After just one season of rugby players at a professional team saw a decline in both blood flow to the brain and cognitive function, a new study claims
The University of South Wales research followed a professional rugby team over the course of a season, testing players pre-season, mid-season and post season.
It will be published in Wednesday’s September edition of the Journal of Experimental Physiology.
Researchers followed a team playing in the United Rugby Championship.
They say more research is needed on the long-term effects.
Their study, seen exclusively by the BBC, has found that over just one season a team of professional rugby players saw a decline in blood flow to the brain and cognitive function – the ability to reason, remember, formulate ideas and perform mental gymnastics.
The paper also suggests that rather than only concussions, repetitive contacts, or sub concussions, sustained through rugby have caused the declines seen in the players.
Former Lions and Wales player Shane Williams suffered head injuries himself while playing, and says the risk of a player getting injured increases when they are tired.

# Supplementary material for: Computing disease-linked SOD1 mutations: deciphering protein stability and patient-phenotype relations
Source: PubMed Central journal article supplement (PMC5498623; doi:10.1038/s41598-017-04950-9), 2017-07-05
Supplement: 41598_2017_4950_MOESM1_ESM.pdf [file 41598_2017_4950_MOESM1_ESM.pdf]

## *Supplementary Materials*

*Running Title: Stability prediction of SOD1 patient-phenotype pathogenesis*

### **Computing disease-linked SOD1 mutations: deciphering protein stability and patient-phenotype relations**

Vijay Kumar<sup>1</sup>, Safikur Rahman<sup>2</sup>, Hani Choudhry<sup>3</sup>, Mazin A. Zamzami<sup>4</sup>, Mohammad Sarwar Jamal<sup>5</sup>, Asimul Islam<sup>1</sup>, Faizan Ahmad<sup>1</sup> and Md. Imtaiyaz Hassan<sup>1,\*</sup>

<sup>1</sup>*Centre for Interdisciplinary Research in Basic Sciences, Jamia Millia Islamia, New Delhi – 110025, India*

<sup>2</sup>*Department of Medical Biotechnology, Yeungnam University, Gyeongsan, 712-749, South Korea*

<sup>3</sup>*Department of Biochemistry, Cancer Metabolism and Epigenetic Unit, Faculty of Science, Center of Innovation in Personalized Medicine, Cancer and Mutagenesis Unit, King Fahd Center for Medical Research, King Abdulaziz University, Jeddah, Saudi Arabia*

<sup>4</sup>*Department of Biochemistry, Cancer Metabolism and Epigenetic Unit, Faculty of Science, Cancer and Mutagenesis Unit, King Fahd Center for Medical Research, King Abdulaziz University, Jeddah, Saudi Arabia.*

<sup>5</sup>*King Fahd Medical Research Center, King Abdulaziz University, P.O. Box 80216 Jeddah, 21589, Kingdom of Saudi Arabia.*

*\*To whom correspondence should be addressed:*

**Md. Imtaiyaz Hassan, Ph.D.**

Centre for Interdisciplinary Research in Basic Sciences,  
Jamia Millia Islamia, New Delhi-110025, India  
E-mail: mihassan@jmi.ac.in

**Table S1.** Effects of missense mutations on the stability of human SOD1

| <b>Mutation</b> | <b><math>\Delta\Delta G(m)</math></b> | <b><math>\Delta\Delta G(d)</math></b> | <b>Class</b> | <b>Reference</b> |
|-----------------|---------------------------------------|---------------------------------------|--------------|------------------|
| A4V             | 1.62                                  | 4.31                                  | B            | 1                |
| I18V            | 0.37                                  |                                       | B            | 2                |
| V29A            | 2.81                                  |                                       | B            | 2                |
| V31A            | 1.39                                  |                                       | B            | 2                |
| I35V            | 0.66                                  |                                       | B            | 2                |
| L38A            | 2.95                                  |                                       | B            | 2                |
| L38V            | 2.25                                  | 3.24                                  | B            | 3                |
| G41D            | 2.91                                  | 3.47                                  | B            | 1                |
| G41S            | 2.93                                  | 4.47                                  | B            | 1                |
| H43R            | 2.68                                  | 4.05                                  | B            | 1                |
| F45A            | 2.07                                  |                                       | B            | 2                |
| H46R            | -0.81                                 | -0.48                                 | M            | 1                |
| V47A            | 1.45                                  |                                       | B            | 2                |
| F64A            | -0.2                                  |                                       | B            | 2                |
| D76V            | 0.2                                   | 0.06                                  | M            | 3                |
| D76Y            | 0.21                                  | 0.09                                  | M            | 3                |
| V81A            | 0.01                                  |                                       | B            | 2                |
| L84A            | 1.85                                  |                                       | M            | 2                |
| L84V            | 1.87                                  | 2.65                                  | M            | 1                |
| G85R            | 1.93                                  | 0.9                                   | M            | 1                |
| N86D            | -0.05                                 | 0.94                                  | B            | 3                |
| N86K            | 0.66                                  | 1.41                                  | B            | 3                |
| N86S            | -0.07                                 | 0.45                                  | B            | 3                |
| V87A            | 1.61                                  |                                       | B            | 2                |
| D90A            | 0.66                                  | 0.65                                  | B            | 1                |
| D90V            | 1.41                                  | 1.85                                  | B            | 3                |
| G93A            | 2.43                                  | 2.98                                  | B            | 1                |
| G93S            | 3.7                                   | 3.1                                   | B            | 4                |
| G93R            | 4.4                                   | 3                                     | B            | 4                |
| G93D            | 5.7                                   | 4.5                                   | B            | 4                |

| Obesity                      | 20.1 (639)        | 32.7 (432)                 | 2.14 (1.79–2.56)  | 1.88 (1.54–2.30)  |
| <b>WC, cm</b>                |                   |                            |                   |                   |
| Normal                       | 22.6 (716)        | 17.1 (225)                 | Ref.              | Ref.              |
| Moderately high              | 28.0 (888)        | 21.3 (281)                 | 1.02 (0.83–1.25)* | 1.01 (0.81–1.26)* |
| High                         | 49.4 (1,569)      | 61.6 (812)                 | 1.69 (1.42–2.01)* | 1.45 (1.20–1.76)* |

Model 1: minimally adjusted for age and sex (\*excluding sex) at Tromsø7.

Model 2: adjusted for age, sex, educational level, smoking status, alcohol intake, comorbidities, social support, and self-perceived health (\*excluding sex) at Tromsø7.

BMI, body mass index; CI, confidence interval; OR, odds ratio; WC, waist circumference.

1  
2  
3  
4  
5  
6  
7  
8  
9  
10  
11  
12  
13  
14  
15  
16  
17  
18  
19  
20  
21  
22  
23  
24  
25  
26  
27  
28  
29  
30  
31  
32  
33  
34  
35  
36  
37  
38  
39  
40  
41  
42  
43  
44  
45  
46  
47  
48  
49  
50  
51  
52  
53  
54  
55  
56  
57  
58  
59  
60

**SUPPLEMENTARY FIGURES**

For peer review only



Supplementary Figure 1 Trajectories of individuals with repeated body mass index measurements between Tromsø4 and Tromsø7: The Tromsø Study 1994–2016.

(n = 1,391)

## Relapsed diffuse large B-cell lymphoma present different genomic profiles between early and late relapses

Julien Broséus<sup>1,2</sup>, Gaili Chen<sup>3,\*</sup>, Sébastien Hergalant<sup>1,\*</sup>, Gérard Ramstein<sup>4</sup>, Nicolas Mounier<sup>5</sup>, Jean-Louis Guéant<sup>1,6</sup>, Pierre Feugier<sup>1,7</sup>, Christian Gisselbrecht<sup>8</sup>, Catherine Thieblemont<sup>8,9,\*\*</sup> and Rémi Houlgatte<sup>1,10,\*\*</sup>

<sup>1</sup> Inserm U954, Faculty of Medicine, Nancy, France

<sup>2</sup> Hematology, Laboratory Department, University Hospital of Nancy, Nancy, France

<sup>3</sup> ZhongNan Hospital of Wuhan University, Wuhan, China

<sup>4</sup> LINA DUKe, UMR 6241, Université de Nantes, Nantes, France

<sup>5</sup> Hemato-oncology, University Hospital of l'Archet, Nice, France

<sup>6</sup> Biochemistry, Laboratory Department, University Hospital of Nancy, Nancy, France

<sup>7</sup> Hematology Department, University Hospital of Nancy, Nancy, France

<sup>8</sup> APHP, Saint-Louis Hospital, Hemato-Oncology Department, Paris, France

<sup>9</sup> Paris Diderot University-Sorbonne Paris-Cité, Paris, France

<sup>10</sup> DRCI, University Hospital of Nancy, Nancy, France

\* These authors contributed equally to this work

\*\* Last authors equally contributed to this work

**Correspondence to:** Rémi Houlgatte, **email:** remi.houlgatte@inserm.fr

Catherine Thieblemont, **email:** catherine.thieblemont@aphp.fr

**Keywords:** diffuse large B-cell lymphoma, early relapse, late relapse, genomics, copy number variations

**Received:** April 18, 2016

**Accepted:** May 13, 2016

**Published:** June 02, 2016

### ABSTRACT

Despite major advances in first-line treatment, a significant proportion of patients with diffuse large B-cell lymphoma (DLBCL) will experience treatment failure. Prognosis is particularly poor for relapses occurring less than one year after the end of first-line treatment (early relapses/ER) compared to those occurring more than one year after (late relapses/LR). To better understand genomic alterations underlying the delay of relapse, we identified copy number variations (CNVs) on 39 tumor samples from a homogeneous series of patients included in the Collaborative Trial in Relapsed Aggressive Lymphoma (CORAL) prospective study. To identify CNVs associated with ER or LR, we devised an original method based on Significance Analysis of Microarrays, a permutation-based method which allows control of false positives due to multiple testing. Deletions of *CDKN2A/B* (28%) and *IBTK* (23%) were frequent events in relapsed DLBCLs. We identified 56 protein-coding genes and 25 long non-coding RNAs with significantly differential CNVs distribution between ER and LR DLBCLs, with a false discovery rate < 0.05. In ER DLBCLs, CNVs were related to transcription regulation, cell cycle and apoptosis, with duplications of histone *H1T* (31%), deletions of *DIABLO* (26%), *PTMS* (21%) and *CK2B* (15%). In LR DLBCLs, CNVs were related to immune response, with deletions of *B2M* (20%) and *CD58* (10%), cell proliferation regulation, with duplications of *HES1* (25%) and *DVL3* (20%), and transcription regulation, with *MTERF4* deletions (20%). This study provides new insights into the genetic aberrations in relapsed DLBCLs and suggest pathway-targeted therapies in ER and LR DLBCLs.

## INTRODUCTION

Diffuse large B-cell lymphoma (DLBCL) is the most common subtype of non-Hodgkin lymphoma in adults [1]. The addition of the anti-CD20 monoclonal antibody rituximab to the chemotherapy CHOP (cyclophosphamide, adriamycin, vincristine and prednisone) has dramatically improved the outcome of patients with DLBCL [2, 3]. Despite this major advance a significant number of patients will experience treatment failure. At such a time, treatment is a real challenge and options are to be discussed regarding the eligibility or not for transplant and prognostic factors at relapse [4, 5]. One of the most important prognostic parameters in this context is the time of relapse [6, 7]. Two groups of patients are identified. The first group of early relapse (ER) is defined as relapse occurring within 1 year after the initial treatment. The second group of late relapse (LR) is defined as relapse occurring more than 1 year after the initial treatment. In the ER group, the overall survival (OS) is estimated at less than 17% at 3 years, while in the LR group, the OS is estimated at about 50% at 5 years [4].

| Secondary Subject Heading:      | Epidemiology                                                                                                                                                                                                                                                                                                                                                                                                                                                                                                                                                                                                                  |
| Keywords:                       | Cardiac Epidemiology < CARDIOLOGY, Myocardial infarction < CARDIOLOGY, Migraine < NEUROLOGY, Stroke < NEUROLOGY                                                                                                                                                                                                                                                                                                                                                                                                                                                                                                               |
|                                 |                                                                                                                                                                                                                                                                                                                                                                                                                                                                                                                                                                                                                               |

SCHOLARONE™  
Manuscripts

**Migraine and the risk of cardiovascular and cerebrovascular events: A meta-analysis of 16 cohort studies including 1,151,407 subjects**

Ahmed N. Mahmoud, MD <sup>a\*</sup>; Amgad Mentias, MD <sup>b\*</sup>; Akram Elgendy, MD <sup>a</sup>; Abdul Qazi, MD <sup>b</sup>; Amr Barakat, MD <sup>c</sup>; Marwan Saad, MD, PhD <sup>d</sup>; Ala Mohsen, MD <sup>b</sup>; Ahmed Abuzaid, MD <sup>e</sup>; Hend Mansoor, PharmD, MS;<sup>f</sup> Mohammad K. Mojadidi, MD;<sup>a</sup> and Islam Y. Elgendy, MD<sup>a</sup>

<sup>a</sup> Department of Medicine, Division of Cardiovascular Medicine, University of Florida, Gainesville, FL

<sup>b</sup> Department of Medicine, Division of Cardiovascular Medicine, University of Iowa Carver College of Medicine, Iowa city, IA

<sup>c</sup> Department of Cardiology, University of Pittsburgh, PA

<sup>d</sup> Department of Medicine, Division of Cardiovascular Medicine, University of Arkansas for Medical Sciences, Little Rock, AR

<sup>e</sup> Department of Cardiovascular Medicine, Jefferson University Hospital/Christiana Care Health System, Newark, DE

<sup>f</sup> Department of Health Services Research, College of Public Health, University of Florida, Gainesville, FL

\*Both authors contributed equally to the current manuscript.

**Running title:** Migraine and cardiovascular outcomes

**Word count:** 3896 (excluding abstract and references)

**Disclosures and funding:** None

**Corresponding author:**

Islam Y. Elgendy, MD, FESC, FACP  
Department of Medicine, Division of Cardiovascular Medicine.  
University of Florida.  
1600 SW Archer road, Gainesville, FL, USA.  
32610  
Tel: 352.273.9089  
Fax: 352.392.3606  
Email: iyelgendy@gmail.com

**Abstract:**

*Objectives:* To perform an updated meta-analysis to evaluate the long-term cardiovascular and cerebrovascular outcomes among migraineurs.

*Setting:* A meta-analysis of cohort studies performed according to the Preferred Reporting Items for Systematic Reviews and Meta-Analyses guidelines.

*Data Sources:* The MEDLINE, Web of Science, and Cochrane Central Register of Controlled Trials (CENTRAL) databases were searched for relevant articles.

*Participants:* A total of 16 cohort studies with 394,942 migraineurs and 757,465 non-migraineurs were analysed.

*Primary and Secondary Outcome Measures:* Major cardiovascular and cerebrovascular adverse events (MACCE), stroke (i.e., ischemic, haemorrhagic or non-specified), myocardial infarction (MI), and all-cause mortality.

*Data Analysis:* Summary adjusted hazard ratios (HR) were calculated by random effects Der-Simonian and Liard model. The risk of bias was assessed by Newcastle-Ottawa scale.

He has joined calls for a limit on replacements, because fresher players coming on to the pitch could cause more damage.
This new study comes as 200 former players – Welsh and English, male and female, professional and amateur – have begun legal action in tandem with Rylands Law firm, against the game’s governing bodies World Rugby, the Welsh Rugby Union and Rugby Football Union.
Some of those former players have been diagnosed with early onset dementia, and they claim the authorities failed to protect them from the risk caused by concussions and head impacts.
World Rugby says it welcomes new research, adding: “World Rugby recently committed to double our investment in player welfare and new concussion research and initiatives.”
‘Has my memory deteriorated because of the hits I’ve taken?’
Former Wales winger Williams took some big hits and head impacts that affected him in his career, none more so than in a thumping but legal tackle by South Africa’s Bakkies Botha in 2004.
“It wasn’t until I got back to the hotel several hours later that I realised I wasn’t very well,” he told the BBC.
“That was one of the biggest hits I’ve ever taken really, I think.
“It was a blur getting changed afterwards – seeing the players, seeing family members in the stadium afterwards, I don’t remember – it was almost like I’d blacked out for a couple of hours and the next thing I’m in the hotel again sat in the reception thinking: ‘Gosh what happened there?'”
When considering the impacts he’s taken over the years, Williams has questioned whether his brain has been affected by the game.